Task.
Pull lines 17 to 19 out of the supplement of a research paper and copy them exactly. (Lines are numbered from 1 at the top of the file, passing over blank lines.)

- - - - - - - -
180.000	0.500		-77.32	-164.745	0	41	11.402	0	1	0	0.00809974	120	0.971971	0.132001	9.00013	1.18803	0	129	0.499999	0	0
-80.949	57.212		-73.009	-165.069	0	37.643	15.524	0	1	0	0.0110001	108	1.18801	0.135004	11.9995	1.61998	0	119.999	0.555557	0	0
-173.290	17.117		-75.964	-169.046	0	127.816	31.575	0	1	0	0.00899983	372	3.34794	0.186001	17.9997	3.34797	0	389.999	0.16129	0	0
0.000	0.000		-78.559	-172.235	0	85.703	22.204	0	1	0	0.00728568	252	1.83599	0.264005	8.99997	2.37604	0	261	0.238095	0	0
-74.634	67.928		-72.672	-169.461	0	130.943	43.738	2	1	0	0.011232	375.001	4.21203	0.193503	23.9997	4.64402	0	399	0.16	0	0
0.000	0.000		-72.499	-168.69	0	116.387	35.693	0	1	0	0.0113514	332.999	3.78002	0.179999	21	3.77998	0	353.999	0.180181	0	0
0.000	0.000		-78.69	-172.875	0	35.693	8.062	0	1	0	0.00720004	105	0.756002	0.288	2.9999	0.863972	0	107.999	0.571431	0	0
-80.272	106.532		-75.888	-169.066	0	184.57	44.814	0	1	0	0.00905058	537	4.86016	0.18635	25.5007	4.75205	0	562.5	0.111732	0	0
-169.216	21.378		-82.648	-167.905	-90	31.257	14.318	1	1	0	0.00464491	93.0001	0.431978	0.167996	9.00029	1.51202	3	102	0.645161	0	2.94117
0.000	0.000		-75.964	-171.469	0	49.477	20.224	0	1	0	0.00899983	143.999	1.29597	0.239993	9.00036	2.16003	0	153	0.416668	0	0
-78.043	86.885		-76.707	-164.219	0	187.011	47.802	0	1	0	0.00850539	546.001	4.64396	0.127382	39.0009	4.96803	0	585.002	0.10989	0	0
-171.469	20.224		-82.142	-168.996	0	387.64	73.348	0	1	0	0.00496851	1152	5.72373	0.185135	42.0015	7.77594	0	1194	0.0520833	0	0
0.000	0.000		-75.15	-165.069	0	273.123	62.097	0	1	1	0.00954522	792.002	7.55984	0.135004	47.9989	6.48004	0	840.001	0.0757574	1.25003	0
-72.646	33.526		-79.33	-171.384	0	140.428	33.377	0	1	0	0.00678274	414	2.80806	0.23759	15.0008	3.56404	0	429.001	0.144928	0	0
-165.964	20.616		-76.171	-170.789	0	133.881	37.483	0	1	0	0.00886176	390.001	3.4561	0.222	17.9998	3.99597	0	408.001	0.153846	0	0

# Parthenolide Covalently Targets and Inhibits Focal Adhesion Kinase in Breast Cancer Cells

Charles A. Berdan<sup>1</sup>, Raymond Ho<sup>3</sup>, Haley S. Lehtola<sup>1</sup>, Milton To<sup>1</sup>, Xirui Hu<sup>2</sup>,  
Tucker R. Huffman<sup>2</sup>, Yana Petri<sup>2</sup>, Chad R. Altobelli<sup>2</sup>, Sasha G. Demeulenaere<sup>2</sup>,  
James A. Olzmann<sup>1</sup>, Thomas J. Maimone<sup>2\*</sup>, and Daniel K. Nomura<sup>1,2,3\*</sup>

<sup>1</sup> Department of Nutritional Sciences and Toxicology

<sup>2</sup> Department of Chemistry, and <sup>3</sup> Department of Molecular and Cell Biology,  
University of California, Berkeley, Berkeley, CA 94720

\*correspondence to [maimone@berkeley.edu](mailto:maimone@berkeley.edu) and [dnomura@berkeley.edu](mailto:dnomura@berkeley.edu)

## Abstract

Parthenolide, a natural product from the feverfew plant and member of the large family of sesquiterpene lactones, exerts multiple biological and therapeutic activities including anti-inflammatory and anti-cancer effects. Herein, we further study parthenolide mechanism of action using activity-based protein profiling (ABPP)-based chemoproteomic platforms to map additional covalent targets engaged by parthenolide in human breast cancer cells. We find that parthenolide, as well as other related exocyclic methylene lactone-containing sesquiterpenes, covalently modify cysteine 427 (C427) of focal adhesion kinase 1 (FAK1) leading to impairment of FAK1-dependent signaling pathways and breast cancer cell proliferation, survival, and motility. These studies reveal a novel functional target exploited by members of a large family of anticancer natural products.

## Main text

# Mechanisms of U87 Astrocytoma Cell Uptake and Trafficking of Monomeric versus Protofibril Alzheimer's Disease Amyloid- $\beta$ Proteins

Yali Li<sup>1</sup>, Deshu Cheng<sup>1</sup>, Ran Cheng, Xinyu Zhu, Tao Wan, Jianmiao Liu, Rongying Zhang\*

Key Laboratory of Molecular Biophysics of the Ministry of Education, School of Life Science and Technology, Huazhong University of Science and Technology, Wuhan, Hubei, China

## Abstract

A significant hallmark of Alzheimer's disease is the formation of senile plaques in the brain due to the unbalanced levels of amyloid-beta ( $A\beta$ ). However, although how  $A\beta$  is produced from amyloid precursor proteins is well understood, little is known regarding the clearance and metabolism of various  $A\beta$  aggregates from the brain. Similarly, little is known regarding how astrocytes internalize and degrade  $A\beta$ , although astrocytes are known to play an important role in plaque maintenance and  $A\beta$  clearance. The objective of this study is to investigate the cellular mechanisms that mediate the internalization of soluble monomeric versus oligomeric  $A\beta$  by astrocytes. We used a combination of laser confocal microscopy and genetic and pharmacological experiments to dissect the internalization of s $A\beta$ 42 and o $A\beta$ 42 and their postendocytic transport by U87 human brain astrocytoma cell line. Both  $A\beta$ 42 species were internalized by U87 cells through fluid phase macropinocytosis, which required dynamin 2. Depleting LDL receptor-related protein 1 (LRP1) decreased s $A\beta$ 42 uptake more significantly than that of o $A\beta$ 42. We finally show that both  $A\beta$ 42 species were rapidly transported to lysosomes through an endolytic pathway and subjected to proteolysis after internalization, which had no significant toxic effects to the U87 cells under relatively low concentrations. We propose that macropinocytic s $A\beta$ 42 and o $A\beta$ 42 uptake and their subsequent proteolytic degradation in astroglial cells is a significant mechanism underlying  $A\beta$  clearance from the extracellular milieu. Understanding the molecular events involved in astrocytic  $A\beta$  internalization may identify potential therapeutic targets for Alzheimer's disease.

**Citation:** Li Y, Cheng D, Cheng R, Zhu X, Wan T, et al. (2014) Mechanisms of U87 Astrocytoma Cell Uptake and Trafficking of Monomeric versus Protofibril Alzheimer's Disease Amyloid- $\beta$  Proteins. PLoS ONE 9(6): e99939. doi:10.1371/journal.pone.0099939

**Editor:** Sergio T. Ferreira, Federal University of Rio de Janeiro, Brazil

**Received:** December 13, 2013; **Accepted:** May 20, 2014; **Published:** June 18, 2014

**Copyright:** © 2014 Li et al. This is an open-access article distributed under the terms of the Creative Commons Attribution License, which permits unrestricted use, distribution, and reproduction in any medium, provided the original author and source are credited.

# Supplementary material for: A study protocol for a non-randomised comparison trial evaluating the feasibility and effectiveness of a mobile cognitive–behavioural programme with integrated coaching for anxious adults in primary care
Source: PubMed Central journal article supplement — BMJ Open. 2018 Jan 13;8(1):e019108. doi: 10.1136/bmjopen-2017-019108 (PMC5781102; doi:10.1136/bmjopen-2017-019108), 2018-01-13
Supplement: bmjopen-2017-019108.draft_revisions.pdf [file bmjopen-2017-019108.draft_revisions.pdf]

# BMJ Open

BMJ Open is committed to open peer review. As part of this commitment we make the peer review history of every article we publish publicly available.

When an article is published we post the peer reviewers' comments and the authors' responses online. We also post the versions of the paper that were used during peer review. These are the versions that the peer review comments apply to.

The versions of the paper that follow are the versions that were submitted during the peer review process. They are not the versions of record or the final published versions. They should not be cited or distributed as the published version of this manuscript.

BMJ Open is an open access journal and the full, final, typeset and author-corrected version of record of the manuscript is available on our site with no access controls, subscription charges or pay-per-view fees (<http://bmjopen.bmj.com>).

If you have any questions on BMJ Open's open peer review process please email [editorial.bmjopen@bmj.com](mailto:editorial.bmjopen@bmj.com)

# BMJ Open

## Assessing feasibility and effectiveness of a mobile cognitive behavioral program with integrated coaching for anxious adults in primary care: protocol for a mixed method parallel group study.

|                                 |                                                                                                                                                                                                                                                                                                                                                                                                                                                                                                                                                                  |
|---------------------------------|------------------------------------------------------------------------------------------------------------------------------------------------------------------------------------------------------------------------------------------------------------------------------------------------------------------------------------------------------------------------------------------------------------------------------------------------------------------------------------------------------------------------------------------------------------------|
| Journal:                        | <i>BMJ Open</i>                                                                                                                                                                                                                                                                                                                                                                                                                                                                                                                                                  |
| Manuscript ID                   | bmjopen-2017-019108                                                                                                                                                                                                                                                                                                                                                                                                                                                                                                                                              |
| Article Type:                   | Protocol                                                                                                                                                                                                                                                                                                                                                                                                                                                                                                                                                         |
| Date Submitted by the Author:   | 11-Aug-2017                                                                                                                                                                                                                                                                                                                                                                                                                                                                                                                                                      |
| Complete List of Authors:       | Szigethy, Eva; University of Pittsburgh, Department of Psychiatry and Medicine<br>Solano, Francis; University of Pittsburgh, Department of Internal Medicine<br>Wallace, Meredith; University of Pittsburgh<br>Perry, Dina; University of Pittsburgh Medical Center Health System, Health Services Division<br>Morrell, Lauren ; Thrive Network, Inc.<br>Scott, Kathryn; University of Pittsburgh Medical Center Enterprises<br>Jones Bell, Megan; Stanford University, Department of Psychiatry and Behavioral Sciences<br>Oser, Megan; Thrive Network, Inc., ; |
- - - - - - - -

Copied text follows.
Charles A. Berdan<sup>1</sup>, Raymond Ho<sup>3</sup>, Haley S. Lehtola<sup>1</sup>, Milton To<sup>1</sup>, Xirui Hu<sup>2</sup>,  
Tucker R. Huffman<sup>2</sup>, Yana Petri<sup>2</sup>, Chad R. Altobelli<sup>2</sup>, Sasha G. Demeulenaere<sup>2</sup>,  
James A. Olzmann<sup>1</sup>, Thomas J. Maimone<sup>2\*</sup>, and Daniel K. Nomura<sup>1,2,3\*</sup>